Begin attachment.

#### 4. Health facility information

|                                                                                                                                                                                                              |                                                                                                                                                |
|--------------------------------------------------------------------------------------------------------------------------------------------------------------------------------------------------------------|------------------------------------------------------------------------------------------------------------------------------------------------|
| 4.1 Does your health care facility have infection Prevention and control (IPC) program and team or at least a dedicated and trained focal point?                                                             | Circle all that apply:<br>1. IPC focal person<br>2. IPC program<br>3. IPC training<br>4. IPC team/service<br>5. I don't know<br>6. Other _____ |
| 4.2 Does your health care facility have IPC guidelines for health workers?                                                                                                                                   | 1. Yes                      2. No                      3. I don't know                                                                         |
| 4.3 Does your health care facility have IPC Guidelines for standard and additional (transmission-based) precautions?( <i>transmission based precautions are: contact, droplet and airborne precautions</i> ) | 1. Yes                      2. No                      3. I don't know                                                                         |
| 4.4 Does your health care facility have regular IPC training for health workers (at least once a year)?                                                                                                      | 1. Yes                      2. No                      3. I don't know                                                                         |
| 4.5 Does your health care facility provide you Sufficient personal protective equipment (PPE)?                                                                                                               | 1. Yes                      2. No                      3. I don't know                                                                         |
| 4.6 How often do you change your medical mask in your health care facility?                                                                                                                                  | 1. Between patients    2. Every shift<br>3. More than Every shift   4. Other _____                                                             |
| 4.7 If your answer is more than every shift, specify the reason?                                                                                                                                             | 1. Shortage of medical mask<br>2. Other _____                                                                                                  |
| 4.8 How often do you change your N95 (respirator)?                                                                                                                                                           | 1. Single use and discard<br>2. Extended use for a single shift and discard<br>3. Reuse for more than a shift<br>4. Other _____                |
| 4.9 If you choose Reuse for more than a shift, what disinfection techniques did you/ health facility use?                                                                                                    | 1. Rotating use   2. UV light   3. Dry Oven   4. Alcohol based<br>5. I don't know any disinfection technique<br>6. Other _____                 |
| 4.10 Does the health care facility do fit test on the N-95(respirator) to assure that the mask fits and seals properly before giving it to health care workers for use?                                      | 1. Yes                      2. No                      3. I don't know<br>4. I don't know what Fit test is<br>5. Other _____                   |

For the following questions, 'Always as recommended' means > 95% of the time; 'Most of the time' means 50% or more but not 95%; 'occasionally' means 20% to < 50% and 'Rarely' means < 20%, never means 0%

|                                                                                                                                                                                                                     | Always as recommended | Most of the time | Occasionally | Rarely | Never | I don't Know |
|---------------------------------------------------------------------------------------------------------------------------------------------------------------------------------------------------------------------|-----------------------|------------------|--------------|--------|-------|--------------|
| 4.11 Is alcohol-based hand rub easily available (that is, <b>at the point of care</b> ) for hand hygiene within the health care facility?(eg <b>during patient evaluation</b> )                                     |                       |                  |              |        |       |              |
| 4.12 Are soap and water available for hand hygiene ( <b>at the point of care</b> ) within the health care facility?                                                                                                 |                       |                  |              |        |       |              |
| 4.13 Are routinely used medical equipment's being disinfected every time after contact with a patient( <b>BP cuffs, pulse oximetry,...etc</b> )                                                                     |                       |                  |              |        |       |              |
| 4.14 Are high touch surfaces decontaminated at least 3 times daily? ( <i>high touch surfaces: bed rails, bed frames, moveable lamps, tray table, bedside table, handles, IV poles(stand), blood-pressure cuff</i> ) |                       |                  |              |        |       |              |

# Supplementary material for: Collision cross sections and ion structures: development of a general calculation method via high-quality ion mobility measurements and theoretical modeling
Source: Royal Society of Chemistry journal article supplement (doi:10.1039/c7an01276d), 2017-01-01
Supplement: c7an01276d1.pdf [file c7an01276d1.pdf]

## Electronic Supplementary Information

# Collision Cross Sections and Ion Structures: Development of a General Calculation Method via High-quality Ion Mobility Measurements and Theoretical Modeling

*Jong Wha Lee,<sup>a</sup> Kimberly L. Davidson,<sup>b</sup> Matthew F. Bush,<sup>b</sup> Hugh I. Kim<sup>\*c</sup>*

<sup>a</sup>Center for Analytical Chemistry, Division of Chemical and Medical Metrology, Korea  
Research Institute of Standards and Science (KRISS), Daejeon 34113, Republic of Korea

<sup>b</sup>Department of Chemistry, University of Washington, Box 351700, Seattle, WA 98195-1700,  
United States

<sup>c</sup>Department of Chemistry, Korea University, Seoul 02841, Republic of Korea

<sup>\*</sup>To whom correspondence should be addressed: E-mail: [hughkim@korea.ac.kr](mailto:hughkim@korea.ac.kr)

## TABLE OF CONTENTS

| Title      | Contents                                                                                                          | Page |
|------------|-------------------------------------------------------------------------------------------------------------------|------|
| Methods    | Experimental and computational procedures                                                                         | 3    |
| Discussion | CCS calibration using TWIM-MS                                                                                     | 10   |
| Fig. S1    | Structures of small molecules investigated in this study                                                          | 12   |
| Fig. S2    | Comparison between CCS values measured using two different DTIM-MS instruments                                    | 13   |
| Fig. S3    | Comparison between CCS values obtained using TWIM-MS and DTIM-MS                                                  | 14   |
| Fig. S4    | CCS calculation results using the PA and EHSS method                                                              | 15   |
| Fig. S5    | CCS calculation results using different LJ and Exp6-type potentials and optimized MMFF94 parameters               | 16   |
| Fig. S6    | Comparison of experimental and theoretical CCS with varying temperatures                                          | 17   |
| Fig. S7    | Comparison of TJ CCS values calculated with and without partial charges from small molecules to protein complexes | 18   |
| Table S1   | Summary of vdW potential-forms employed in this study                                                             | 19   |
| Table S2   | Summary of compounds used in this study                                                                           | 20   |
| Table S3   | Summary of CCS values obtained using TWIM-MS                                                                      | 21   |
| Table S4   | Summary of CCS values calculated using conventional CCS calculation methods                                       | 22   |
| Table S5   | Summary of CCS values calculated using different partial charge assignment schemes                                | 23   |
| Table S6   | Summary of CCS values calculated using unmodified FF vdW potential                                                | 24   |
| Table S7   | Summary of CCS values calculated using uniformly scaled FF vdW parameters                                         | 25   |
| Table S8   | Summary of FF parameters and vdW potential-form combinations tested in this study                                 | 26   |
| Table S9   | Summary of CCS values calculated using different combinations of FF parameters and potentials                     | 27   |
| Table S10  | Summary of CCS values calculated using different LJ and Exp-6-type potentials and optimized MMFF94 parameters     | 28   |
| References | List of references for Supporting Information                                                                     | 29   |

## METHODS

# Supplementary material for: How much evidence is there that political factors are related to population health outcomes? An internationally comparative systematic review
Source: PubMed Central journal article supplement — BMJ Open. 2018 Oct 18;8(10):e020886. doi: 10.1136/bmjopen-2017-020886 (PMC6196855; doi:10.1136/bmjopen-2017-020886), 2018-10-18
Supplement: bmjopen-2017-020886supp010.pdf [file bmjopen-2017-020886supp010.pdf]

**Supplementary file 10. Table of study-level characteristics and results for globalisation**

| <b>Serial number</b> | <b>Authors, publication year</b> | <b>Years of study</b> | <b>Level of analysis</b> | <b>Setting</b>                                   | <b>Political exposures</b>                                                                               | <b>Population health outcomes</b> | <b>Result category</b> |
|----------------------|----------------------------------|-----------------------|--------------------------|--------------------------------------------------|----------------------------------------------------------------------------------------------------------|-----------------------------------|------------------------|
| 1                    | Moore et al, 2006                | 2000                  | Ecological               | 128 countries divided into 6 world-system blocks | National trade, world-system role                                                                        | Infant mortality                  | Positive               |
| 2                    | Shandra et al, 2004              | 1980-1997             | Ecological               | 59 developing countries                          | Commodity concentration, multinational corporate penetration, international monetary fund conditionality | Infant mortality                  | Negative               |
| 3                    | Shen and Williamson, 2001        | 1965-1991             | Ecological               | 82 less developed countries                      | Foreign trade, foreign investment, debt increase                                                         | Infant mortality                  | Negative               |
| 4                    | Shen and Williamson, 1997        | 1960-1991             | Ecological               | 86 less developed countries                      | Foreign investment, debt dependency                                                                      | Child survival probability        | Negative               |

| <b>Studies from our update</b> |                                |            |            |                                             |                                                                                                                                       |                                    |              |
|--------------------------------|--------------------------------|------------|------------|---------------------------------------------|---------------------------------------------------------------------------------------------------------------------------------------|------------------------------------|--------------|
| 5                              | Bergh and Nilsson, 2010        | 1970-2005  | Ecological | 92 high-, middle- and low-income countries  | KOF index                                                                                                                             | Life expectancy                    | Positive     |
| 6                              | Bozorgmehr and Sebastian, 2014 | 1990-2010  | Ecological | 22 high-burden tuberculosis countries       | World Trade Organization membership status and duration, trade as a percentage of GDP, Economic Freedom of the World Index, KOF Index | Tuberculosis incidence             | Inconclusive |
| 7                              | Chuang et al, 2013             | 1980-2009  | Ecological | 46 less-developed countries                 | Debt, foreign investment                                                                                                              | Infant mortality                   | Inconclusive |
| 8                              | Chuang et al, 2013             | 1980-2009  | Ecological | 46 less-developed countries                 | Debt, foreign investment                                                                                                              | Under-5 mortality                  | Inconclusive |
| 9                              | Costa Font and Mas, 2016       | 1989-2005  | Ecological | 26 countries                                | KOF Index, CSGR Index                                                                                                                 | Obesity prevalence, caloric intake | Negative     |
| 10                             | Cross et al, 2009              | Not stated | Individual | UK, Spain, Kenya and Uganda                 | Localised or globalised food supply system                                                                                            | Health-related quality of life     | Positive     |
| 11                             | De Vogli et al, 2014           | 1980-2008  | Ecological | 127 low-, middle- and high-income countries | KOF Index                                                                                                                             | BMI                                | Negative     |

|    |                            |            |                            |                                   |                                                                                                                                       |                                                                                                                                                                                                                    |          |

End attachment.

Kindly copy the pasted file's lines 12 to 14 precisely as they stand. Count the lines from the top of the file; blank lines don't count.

| 4.9 If you choose Reuse for more than a shift, what disinfection techniques did you/ health facility use?                                                                                                    | 1. Rotating use   2. UV light   3. Dry Oven   4. Alcohol based<br>5. I don't know any disinfection technique<br>6. Other _____                 |
| 4.10 Does the health care facility do fit test on the N-95(respirator) to assure that the mask fits and seals properly before giving it to health care workers for use?                                      | 1. Yes                      2. No                      3. I don't know<br>4. I don't know what Fit test is<br>5. Other _____                   |

For the following questions, 'Always as recommended' means > 95% of the time; 'Most of the time' means 50% or more but not 95%; 'occasionally' means 20% to < 50% and 'Rarely' means < 20%, never means 0%